Larry Whiteaker , Seduction, Prostitution, and Moral Reform in New York, 1830-1860. Chapter 8, "Moral Reform: From Suasion to Coercion" (1997)

Transcribed from pages 141-43 of Larry Whiteaker's Seduction, Prostitution, and Moral Reform in New York, 1830-1860. Published by Garland, 1997.


"As 'guardians' of the virtuous, the Female Moral Reform Society members were determined to make life miserable for those men—and women—who deliberately chose (or remained in) a licentious course. Attacking the double standard just as McDowall had done, the women demanded social ostracism of immoral males and females. They admonished virtuous women to shun the company of known (or even suspected) seducers and to exclude them from the family circle. Virtuous men were advised not only to keep seducers away from their families, but to avoid contact with them in all public places, even in their businesses. Despite these admonitions, the moral purifiers knew that seduction still occurred. Also, they perceived that the females involved still bore the largest share of the shame and punishment imposed by the community. To make the licentious male suffer as much as the licentious female—to end the double standard—the Female Moral Reform Society in the late 1830s began to petition the state legilature for laws to punish seducers. . . .

[By 1841,] opposition to the proposal continuted to thwart the law's passage. The responses made to the requests to sign the petitions were essentially the arguments made against the bill. Female moral reformers were told that women should have 'nothing to do with the subject [licentiousness].' A concern about seduction was 'out of their sphere' and 'unlady-like.' The most common reasons for opposing the anti-seduction law were that nothing could be done to end sexual immorality, that 'it was a necessary evil,' and that even if laws against seduction were enacted, they would be impossible to enforce.

The argument that anti-vice laws could not be enforced was based on the contention that people cannot be made moral by legislation. The same belief had motivated much of the opposition to other reforms designed to improve morals. Anti-temperance people argued that prohibition laws had many inconsistencies, divided communities, created more lawbreakers than they prevented, and turned people into spies against their neighbors. Like some prohibition advocates the moral purifiers replied that although legislation could not produce a morally-pure society by itself, when combined with other reform measures legislation could help to achieve such a morally-pure state. The moral purifiers argued that at least legislation could make the people who broke the laws wish that they had been more moral.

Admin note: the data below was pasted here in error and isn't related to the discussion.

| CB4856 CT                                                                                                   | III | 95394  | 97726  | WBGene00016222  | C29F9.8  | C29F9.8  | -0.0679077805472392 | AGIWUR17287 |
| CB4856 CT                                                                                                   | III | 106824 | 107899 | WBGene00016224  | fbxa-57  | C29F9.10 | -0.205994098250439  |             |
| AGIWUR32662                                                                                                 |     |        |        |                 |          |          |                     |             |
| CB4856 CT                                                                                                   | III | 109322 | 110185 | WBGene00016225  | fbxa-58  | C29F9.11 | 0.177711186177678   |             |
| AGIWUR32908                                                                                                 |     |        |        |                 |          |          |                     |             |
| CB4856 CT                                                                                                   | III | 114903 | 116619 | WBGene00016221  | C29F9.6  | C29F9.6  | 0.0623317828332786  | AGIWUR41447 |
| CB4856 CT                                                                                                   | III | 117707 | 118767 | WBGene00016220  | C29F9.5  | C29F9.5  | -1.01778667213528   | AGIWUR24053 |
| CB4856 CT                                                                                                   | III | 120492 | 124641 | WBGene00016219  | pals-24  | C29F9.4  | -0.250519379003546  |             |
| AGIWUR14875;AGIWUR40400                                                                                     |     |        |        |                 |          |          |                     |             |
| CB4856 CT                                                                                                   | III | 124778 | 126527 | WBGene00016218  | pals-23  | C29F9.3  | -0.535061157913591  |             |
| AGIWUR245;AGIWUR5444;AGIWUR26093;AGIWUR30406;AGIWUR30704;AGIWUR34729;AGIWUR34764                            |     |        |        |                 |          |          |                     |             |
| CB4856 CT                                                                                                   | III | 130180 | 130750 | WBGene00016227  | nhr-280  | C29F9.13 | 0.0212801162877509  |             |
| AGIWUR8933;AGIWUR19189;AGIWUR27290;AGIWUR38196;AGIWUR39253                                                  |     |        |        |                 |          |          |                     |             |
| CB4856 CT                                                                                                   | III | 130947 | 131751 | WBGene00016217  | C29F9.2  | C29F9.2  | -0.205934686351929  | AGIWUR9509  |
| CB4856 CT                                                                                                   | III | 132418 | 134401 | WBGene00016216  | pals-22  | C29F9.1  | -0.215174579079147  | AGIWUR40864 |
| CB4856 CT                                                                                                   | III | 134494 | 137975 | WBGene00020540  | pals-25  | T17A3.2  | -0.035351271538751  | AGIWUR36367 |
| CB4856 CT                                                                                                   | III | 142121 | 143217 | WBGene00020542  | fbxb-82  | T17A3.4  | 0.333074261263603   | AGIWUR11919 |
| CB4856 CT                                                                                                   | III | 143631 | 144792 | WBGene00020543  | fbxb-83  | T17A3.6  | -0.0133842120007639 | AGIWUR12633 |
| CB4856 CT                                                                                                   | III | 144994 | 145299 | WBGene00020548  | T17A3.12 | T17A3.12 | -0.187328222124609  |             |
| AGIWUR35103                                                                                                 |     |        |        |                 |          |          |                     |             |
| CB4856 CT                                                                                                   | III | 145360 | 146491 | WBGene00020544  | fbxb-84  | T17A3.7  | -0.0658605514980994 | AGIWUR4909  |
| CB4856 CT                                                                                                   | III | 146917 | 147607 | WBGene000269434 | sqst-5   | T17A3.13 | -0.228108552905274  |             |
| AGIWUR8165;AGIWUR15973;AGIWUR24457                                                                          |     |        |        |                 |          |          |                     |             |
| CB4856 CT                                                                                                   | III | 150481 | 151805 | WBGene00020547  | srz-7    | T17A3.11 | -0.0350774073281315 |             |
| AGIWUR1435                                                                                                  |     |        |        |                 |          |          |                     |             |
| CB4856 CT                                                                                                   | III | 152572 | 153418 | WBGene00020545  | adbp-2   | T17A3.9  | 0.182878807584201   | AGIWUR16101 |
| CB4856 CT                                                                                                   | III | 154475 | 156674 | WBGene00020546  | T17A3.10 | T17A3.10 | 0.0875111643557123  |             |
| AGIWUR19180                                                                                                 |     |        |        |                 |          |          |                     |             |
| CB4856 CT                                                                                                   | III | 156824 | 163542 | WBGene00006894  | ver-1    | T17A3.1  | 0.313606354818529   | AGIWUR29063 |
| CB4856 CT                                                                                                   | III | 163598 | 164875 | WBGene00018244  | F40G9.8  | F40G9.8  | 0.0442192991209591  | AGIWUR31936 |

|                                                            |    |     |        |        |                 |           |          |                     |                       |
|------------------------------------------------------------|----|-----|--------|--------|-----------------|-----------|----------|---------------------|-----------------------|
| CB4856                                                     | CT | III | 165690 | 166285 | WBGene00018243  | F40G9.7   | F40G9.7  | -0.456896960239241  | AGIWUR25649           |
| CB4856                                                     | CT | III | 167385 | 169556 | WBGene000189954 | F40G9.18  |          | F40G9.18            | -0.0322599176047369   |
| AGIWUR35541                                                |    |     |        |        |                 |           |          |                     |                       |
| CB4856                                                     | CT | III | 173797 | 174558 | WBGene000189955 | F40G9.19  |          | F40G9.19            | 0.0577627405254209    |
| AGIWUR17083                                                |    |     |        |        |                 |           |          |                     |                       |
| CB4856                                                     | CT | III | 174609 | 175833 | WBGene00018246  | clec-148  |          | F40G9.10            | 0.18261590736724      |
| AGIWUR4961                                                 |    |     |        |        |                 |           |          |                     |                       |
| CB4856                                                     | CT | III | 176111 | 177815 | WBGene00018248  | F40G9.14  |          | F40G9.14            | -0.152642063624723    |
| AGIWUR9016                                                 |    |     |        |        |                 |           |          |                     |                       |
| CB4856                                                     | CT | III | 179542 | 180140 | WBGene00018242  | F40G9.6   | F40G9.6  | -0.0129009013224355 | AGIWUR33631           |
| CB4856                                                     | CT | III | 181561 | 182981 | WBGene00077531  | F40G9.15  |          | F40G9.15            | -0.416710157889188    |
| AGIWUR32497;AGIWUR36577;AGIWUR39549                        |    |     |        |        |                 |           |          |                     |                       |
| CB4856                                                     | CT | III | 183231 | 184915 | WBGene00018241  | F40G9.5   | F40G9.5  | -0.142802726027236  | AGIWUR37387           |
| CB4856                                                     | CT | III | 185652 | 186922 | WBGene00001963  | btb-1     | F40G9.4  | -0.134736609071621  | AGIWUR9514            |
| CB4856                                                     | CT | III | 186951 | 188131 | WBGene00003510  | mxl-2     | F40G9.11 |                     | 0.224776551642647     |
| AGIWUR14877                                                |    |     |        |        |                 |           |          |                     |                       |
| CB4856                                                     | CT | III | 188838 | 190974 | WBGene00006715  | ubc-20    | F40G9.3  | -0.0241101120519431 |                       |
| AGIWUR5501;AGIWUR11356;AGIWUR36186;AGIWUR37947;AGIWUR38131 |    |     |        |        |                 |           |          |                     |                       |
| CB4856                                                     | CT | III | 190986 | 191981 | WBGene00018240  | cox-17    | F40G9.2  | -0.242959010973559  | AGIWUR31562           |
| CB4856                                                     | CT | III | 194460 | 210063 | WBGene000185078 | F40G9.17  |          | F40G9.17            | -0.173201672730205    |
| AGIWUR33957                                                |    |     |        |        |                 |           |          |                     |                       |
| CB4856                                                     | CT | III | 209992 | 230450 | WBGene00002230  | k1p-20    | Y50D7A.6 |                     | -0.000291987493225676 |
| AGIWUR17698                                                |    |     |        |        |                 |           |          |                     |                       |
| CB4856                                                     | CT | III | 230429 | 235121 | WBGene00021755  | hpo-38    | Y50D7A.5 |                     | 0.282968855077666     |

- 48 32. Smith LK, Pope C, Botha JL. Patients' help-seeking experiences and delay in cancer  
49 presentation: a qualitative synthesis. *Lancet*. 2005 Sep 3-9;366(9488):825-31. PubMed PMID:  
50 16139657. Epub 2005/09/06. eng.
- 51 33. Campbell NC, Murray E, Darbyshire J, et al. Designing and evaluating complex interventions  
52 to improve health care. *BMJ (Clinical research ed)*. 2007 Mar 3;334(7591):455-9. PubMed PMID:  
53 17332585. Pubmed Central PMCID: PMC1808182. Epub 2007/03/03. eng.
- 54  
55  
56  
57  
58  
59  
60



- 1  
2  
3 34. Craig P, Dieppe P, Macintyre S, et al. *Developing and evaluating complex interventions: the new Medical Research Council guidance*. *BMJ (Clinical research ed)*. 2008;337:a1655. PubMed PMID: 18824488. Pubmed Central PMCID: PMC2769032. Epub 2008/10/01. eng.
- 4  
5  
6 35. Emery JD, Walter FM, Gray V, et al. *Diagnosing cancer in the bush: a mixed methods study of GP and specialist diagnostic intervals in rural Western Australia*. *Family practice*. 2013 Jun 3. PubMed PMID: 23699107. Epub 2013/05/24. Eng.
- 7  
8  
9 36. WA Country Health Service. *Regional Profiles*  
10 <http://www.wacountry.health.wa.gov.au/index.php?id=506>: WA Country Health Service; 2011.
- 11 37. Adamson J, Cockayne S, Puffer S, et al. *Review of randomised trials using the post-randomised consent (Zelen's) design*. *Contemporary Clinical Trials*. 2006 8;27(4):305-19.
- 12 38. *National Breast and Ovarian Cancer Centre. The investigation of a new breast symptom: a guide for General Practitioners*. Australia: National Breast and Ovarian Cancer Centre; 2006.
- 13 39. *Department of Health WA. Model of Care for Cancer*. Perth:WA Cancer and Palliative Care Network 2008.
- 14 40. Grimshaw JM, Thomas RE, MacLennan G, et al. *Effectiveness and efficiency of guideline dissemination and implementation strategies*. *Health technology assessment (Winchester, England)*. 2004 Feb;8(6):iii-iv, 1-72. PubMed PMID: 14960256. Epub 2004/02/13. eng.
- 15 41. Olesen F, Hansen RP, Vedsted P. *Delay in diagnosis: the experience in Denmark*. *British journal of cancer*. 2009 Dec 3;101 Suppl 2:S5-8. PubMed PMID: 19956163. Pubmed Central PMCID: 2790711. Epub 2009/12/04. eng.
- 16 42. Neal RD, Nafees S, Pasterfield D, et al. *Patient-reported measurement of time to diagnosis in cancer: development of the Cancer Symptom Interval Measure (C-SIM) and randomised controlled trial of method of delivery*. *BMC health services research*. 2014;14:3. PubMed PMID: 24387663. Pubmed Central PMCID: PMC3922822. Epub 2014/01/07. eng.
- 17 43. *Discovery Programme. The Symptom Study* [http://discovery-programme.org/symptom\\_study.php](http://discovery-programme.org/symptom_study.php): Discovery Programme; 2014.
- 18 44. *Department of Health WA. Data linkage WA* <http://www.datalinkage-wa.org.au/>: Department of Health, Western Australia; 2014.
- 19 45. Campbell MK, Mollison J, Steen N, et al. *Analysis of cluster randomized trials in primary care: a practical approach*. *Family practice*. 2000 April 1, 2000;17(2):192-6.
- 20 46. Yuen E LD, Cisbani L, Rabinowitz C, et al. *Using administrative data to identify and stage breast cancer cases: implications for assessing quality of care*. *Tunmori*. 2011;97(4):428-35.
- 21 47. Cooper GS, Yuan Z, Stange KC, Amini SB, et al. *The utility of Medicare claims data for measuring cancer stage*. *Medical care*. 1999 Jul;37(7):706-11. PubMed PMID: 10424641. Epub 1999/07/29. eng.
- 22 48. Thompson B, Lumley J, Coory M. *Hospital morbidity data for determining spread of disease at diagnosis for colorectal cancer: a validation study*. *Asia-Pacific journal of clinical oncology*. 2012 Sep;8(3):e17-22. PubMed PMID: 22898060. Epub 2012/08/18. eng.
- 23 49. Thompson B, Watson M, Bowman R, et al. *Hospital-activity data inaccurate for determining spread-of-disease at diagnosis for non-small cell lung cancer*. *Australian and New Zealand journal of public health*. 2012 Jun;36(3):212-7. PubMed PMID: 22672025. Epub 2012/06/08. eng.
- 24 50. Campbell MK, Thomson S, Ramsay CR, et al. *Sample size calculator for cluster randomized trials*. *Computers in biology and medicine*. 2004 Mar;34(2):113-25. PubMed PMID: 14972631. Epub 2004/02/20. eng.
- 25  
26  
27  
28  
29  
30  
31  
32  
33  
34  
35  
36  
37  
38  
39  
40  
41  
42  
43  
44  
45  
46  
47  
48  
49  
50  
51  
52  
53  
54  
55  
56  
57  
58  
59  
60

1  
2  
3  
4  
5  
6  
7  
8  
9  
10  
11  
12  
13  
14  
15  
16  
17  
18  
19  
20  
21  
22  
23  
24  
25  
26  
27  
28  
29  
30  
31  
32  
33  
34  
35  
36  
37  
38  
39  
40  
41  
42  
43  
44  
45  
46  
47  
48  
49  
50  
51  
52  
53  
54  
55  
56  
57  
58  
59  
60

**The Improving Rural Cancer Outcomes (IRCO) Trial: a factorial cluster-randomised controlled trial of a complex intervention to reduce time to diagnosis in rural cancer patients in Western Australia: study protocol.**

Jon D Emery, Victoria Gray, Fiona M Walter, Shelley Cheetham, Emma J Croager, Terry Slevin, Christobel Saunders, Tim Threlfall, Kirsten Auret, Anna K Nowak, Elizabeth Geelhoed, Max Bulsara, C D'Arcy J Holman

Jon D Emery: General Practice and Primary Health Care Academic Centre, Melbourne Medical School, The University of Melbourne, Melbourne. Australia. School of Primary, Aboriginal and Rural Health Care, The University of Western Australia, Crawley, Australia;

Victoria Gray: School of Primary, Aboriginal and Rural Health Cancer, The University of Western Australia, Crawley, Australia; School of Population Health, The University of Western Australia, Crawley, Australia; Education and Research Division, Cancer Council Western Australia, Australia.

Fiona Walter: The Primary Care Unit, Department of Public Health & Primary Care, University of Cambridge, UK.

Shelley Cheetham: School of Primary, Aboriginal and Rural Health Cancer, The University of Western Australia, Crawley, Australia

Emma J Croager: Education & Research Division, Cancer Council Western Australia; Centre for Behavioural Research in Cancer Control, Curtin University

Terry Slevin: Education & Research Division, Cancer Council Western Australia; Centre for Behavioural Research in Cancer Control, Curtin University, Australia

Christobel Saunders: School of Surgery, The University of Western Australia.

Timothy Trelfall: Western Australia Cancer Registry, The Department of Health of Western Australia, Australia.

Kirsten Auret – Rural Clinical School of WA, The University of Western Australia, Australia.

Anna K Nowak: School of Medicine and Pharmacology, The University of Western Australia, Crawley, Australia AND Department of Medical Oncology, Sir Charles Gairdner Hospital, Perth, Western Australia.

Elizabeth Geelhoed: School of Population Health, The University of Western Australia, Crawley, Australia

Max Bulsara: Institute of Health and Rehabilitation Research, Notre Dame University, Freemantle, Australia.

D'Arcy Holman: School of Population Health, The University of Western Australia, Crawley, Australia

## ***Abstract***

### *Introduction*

During the 1840s, city newspapers gave increasing support to the anti-seduction law campaign. To some degree, the endorsements proffered by newspapers which once had attacked the moral reformers indicate that the reformers had had success in changing attitudes toward seduction. The newspapers' support put additional pressure on the legislature to pass the law. More pressure arose in 1845 when female reformers in Massachusetts persuaded the legislature to pass a law against abducting women for sexual purposes. In 1848, New York lawmakers made seduction a 'crime against society'. Those men convicted of seducing 'an unmarried female of previous chaste character' faced imprisonment for a maximum of five years and a fine of not more than a thousand dollars. The testimony of the seduced female, however, had to be supported by 'other evidence.'

One would expect that with the law secured the moral purifiers would have immediately filled the court dockets with seduction cases. This did not happen for several reasons. First, as some critics had predicted, the law was difficult to enforce. Seduced women were often reluctant to press charges against their seducers. Moral reformers and their critics did agree on one thing—that it was shameful and humiliating for a woman to admit her loss of chastity. Furthermore, the admission in court of loss of chastity by a woman would have exposed her to family and community censure. Such a possibility no doubt kept many women out of the courts. Also, there was a fallacious assumption in the attitude toward seduction: that seduction involved a villain and a victim. Unless rape was involved, all cases of seduction consisted of 'two parties consenting.' The 'seduced woman' in other words, was not a victim. 'It argues but a mean opinion of the sex,' one critic of anti-seduction law stated, 'to view them as but passive subjects of the wiles of men,—as beings void of understanding, having neither power nor will of their own.' By depicting the female as a 'victim,' the anti-seduction statute imposed another double standard. The male was punished for having illicit sex, while the female was not. Still further hampering the law's enforcement was the phrase of 'previous chaste character.' This gave the accused seducer's lawyers an opening to challenge the woman's character—in other words, to put her on trial. For every character witness that she produced, the accused would be able to counter with witnesses who called her reputation into question" (141-43).